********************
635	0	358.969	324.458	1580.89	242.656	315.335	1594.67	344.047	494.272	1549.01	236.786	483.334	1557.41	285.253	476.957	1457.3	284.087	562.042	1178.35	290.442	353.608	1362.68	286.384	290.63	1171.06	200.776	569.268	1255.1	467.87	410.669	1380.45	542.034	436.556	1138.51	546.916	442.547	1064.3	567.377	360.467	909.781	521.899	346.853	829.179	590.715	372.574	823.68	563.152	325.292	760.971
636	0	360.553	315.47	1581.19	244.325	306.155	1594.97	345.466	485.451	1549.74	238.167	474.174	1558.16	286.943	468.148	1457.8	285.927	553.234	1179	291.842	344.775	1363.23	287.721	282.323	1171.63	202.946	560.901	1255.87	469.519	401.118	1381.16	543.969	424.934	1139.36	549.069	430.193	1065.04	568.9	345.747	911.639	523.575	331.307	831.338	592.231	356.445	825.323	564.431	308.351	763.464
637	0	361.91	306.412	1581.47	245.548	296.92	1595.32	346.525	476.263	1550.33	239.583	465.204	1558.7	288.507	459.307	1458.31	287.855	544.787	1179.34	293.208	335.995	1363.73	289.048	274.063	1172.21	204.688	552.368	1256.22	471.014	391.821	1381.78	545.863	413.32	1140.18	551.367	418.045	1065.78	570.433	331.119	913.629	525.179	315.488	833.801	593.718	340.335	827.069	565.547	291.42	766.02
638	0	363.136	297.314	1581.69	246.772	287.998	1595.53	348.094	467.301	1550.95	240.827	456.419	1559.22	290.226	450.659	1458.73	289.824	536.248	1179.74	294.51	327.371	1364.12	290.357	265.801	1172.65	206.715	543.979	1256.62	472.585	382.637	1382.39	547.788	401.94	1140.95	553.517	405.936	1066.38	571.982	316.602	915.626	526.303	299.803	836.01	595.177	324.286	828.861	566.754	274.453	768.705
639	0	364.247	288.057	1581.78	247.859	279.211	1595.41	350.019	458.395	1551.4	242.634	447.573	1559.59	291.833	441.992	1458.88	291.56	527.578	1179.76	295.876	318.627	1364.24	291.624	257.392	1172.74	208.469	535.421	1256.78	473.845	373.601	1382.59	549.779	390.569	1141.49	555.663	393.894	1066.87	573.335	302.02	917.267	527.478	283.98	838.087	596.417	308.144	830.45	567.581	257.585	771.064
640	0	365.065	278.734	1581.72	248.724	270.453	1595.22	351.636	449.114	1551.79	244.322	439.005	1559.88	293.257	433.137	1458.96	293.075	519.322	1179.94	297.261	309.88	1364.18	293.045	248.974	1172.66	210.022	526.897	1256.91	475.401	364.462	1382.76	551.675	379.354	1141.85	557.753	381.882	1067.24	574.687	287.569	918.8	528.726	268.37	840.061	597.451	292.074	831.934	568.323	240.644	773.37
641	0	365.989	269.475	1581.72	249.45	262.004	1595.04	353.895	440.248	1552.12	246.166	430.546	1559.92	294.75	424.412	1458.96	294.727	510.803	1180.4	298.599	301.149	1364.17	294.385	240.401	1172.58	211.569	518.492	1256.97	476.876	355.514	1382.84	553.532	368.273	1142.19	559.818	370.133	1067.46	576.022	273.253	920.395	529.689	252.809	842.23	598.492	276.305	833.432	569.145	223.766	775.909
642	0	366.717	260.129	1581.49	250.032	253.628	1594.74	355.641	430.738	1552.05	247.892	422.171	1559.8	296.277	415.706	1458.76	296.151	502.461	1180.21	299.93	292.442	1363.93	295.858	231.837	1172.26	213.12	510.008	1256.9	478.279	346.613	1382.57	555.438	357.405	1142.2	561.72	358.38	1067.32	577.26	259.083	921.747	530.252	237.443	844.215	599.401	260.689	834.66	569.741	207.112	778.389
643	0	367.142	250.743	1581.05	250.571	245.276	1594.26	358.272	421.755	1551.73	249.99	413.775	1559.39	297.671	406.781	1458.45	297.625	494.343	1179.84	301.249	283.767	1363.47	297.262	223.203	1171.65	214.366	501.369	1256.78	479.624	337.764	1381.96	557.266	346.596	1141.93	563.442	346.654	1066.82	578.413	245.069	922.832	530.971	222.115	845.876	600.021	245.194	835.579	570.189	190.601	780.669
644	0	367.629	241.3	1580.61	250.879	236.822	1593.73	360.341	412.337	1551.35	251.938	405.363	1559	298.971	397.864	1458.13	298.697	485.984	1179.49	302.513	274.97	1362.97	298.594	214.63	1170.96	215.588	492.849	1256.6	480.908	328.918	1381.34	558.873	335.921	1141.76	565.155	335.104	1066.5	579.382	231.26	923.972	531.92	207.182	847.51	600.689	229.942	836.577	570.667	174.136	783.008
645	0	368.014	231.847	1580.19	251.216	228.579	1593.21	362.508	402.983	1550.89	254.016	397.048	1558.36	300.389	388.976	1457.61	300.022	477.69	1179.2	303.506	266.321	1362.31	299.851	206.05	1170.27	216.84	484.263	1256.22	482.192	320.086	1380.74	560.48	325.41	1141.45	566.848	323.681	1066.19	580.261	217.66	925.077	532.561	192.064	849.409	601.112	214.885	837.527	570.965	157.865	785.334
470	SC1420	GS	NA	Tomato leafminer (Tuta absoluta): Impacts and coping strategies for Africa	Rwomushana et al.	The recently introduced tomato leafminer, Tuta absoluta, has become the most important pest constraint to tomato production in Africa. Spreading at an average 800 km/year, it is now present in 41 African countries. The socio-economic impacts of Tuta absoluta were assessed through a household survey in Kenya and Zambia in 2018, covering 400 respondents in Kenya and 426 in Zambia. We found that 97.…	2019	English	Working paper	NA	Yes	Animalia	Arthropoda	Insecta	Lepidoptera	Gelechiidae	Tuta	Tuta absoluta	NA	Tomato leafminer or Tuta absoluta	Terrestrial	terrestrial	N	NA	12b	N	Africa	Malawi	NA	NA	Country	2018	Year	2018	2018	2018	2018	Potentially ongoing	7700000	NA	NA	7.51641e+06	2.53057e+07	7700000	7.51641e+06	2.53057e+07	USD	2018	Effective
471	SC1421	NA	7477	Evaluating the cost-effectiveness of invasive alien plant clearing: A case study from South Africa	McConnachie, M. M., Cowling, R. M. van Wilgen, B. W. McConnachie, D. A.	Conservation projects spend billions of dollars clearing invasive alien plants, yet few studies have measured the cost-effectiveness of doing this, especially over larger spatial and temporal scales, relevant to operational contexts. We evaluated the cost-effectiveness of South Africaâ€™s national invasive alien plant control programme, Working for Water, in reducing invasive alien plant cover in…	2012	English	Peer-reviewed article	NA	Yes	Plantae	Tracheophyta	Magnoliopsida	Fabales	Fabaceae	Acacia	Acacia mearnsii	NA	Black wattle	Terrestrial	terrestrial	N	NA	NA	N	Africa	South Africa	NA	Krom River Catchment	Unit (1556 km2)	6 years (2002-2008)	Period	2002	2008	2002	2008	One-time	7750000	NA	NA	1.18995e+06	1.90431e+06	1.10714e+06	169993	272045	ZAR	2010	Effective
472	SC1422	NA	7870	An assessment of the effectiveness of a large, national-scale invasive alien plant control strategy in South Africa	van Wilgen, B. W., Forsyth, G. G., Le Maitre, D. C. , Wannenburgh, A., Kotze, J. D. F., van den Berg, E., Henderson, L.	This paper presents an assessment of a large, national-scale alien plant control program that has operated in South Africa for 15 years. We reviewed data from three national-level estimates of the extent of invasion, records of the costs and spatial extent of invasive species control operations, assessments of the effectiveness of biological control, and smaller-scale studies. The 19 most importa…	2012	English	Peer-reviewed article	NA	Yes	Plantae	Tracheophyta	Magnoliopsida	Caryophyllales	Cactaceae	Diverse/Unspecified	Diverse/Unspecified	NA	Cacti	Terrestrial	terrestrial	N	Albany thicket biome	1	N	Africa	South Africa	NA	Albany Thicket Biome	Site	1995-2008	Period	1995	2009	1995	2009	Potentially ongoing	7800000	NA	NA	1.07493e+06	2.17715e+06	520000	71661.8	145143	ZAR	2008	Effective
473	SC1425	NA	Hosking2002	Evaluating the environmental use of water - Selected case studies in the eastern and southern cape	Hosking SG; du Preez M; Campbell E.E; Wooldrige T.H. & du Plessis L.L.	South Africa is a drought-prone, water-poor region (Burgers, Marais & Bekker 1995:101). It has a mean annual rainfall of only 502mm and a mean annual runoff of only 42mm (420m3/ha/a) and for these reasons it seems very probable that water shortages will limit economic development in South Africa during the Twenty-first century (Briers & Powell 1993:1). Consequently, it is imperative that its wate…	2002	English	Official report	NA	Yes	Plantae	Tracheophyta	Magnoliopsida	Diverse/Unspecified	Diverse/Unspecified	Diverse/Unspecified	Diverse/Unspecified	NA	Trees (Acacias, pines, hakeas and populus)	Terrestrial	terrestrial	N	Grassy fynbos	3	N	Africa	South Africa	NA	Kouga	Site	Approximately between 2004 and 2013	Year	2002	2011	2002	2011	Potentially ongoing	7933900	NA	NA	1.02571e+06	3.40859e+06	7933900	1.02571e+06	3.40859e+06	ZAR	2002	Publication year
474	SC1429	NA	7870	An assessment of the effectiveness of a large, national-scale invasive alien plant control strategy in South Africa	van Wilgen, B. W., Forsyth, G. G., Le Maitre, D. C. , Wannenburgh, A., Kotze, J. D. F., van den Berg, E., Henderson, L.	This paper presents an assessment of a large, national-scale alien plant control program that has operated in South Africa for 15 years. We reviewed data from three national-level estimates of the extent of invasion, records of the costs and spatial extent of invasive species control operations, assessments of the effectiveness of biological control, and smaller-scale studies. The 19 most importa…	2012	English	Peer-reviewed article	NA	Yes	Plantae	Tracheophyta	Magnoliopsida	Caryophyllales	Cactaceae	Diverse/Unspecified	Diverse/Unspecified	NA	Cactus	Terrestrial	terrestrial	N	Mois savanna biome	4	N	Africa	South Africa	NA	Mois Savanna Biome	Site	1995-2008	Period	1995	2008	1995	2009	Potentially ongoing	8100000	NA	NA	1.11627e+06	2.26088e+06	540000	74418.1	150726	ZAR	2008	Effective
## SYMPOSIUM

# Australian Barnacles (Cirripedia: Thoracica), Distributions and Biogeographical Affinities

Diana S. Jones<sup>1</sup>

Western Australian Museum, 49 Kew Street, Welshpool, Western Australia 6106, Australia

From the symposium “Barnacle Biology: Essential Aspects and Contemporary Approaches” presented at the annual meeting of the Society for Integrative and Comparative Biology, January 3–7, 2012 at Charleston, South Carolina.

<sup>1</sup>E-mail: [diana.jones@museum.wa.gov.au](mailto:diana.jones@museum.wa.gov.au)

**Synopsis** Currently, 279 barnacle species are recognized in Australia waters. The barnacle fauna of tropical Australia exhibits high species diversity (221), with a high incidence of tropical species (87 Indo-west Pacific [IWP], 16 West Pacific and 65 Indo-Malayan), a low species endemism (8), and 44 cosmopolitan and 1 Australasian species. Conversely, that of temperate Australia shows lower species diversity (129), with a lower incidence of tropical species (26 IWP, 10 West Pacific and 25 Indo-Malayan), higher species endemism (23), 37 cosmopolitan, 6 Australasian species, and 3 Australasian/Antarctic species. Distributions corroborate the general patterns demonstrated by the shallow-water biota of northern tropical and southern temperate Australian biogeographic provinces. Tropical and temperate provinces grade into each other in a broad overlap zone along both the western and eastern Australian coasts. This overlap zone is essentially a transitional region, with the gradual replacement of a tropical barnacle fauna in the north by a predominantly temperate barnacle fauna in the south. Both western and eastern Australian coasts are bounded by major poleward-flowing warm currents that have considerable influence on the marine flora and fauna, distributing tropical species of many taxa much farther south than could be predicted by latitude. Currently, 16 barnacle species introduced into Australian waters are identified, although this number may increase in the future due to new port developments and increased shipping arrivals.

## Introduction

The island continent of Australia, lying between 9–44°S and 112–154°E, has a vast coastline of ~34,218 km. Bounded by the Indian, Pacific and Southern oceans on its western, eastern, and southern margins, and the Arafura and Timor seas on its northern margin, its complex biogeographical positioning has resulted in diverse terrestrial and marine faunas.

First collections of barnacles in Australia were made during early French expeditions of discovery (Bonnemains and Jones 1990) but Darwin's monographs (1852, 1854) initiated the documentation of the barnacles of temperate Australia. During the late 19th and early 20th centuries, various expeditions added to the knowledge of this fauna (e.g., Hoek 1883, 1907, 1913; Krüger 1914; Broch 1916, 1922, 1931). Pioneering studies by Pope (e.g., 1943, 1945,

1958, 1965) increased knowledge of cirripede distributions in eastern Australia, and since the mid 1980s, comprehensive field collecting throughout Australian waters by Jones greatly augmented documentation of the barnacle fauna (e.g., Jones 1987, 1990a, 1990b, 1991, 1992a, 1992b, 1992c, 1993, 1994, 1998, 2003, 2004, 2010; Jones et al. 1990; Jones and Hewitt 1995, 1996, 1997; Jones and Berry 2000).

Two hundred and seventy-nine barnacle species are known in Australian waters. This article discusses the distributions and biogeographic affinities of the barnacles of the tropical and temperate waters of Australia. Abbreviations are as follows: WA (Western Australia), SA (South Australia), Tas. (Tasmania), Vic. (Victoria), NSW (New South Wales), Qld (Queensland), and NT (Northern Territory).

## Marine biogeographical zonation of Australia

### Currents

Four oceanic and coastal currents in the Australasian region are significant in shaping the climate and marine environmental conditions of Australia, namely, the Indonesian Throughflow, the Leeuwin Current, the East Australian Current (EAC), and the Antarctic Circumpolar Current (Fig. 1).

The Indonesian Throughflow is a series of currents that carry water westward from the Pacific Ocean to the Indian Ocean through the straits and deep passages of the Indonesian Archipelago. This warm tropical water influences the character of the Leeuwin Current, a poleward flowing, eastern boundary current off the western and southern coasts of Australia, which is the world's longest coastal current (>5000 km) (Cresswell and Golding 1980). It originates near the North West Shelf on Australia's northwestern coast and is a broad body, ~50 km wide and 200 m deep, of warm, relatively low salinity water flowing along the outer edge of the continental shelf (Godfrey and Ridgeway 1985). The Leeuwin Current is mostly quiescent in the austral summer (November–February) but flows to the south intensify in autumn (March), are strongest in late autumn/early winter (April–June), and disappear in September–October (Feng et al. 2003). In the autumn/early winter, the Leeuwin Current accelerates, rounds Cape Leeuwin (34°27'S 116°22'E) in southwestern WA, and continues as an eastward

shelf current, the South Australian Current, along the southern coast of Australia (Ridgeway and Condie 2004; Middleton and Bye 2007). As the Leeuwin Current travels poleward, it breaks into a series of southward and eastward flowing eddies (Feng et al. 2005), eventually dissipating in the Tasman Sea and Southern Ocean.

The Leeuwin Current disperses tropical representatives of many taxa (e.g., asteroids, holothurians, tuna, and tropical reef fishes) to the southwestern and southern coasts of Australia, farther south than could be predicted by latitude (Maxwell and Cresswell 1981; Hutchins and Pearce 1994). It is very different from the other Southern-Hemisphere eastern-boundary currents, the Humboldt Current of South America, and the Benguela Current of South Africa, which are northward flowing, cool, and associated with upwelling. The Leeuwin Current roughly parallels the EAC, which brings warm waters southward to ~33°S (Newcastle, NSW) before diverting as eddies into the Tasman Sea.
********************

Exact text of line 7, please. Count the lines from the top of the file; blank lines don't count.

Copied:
641	0	365.989	269.475	1581.72	249.45	262.004	1595.04	353.895	440.248	1552.12	246.166	430.546	1559.92	294.75	424.412	1458.96	294.727	510.803	1180.4	298.599	301.149	1364.17	294.385	240.401	1172.58	211.569	518.492	1256.97	476.876	355.514	1382.84	553.532	368.273	1142.19	559.818	370.133	1067.46	576.022	273.253	920.395	529.689	252.809	842.23	598.492	276.305	833.432	569.145	223.766	775.909